Are You Really Sure That Pocket Listings Disproportionately Exclude Buyers of Color? 100%
Professor Korver-Glenn made this case in exhaustive detail, in what is probably the most comprehensive study of U.S. real estate practices in this century. She spent a full year in Houston attending 50 open-houses, following ten real estate agents and observing 125 encounters between agents and their clients.
MLS Listings That Everyone Can See: “That’s the Way We Do Business.”
She cites a Black real estate agent’s dismay that anyone would bypass the above-board marketing of a listing in the MLS:
“I don’t understand why [other real estate agents] would do that. And I’ll tell you why. MLS—everybody can see it. Every agent can see it. That’s like our go-to guide. If there’s a good point of properties listed on MLS, any property you want is there. And that’s the way we do business.”
Discrimination, Even When There’s No Intent to Discriminate
Then she talks about pocket listings’ impact on minority home-buyers:
As this agent implied, pocket listings have the consequence—whether intended or unintended—of excluding most of the general public from access to a for-sale home advertised only through informal, network-based means. For white real estate agents, whose social networks were predominantly white, this meant that minority home buyers often never knew a pocket-listing home was available…
The California Association of Realtors’ legal counsel has cautioned its agents against using pocket listings as a way to sell homes both because it may not have the home sellers’ best economic interests in mind by deflating the pool of potential home buyers and because “it may have an alleged discriminatory effect (i.e. reinforcing segregated housing patterns) even when there is no intent to discriminate.”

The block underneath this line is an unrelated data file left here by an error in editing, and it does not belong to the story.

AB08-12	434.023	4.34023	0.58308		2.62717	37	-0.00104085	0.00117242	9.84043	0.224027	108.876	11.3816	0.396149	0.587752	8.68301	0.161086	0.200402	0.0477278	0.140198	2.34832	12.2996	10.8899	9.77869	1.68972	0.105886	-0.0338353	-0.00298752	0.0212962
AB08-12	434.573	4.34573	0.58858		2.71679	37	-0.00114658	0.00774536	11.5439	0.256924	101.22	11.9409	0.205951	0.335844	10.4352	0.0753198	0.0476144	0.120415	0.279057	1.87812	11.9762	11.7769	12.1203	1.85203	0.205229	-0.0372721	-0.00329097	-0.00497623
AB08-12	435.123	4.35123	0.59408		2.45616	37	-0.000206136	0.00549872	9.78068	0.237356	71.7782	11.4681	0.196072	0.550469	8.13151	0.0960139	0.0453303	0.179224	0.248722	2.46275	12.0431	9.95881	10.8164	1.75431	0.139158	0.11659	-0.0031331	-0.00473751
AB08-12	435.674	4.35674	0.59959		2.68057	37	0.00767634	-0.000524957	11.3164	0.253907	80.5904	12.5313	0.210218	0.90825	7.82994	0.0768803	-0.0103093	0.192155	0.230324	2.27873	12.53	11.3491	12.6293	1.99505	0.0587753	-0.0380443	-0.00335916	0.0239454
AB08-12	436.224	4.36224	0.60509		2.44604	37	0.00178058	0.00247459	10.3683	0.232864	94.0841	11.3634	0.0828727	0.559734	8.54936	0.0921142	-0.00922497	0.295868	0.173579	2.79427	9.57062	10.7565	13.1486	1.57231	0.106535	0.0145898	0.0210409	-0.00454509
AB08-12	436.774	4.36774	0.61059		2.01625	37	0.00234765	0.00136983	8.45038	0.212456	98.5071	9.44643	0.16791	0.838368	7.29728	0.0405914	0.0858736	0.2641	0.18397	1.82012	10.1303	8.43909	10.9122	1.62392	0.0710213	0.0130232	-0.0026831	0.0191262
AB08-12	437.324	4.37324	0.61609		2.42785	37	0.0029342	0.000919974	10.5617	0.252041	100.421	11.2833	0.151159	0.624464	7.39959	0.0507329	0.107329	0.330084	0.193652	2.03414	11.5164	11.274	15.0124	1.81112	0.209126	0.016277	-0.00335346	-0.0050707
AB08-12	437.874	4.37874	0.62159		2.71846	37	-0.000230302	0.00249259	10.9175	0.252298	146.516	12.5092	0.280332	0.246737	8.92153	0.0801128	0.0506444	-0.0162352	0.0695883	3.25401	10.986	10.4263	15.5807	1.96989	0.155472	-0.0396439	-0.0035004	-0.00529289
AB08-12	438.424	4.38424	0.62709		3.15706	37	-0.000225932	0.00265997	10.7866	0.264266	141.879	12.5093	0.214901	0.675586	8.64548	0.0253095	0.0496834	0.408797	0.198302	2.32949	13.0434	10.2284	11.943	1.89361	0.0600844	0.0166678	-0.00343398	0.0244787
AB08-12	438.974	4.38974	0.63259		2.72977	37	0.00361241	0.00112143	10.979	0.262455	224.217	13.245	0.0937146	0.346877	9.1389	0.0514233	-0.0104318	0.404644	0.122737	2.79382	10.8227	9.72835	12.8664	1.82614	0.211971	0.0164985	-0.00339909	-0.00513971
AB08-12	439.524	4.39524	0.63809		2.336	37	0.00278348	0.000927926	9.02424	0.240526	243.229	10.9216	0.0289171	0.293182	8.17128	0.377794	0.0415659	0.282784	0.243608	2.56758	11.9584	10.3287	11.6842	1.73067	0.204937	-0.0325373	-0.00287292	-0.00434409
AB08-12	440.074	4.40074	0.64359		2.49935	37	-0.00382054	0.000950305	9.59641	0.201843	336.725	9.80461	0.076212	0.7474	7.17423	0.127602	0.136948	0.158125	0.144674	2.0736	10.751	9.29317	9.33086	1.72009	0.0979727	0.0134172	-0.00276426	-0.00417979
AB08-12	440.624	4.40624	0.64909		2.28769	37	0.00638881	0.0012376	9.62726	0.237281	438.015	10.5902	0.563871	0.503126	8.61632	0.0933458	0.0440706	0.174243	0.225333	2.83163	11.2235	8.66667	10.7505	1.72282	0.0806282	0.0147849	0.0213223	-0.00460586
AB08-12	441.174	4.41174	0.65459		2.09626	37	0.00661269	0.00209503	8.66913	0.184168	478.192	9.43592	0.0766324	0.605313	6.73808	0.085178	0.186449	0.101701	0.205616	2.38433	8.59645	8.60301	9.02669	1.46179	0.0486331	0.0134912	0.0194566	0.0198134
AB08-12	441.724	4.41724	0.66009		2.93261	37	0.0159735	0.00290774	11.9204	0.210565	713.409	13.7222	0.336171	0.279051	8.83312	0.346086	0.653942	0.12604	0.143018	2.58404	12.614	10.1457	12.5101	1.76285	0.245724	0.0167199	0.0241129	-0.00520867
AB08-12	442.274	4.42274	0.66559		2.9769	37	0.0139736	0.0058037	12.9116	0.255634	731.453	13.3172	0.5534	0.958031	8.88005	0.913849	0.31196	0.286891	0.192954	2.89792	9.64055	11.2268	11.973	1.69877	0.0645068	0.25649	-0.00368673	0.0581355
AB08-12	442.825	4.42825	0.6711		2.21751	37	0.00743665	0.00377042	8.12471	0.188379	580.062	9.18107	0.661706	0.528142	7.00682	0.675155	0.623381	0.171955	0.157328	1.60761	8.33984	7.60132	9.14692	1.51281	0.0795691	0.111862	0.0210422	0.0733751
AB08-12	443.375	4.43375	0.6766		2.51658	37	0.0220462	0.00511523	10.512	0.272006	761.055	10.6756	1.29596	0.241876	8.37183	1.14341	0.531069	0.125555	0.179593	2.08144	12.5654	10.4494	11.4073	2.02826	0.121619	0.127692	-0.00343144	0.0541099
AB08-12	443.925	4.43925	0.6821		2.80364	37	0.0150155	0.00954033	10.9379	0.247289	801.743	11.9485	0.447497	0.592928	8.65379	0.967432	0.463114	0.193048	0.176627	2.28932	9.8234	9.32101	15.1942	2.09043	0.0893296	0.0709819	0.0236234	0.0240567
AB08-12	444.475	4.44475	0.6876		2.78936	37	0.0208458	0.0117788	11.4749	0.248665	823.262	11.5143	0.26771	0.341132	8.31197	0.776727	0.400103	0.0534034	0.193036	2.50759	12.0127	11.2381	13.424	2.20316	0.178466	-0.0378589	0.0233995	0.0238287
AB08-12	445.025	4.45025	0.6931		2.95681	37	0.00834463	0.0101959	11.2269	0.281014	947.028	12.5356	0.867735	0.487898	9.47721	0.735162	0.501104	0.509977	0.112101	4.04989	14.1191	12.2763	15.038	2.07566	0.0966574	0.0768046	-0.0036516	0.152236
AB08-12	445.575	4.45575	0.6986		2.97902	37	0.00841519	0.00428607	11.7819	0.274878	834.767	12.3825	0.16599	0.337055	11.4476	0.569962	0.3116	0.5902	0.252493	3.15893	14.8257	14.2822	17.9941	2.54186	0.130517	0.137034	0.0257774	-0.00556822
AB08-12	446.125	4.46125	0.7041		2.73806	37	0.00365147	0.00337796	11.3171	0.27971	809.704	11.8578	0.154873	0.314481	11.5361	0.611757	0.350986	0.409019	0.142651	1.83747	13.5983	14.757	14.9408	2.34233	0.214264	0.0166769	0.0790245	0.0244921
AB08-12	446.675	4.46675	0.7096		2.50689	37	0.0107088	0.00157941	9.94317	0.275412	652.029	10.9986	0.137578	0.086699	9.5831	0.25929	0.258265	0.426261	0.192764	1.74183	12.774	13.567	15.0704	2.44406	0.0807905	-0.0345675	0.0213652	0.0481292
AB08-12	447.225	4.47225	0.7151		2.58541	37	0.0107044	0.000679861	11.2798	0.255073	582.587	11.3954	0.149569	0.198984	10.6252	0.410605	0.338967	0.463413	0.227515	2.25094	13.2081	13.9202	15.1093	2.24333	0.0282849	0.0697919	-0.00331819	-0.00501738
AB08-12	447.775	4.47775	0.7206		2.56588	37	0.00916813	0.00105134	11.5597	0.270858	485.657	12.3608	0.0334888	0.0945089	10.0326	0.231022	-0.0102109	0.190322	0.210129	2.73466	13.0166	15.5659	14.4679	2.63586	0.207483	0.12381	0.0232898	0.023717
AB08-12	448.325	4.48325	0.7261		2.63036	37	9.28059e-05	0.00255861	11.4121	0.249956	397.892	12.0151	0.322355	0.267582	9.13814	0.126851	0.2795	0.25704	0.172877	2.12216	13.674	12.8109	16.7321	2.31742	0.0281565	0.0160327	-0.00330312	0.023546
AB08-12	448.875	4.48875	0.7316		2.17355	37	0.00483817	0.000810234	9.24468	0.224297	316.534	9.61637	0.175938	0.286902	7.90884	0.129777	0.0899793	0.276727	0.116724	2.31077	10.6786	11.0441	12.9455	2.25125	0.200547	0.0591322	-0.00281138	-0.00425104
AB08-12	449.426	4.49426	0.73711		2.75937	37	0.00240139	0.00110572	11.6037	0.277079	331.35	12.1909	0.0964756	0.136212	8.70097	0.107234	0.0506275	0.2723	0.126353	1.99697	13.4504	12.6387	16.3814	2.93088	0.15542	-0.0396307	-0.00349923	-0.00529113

If you want more examples, and citations to other research, just read her article. It’s a tour de force.
The Stakes Are High
For now, it’s important to reinforce the last statement in the quoted passage, that up to this point, few if anyone has intentionally discriminated. I’ve never met an openly discriminatory broker. But now that we have reached this point in the debate about clear cooperation, we can no longer pretend we don’t see the consequences. Those consequences aren’t just shoddy service at the jewelry store or a table at the back of the restaurant. The consequences are where your kids go to school, and the ambitions of everyone around them, and whether they feel safe on your street. The consequences are why we all care so much about real estate. It’s why brokers earn more on the sale of a house than we would selling any other consumer good.
We Can’t Do It Alone
Many will say that Redfin should stop posting listings to our website early, even in areas where the MLS won’t let us share coming-soon listings with other brokers, even if other websites eagerly take the pocket listings we reject. But we can’t do it alone. For years after other major sites began soliciting agents for pocket listings, we refused to post any listing that wasn’t in the MLS, even if it was just a day before its MLS debut. Consumers complained that other websites had listings we didn’t, and finally, reluctantly, we relented.
We All Show a Home for Sale, Or None of Us Do
The only way we can build a marketplace that everyone can access, regardless of which agent she hires or which website she uses, is by agreeing industry-wide that we all show a home for sale or none of us do. The clear-cooperation policy aims to do that. There is no other measure the National Association of Realtors is likely to consider over the next decade that will do more to give everyone in America equal access to real estate information.
Let this policy pass.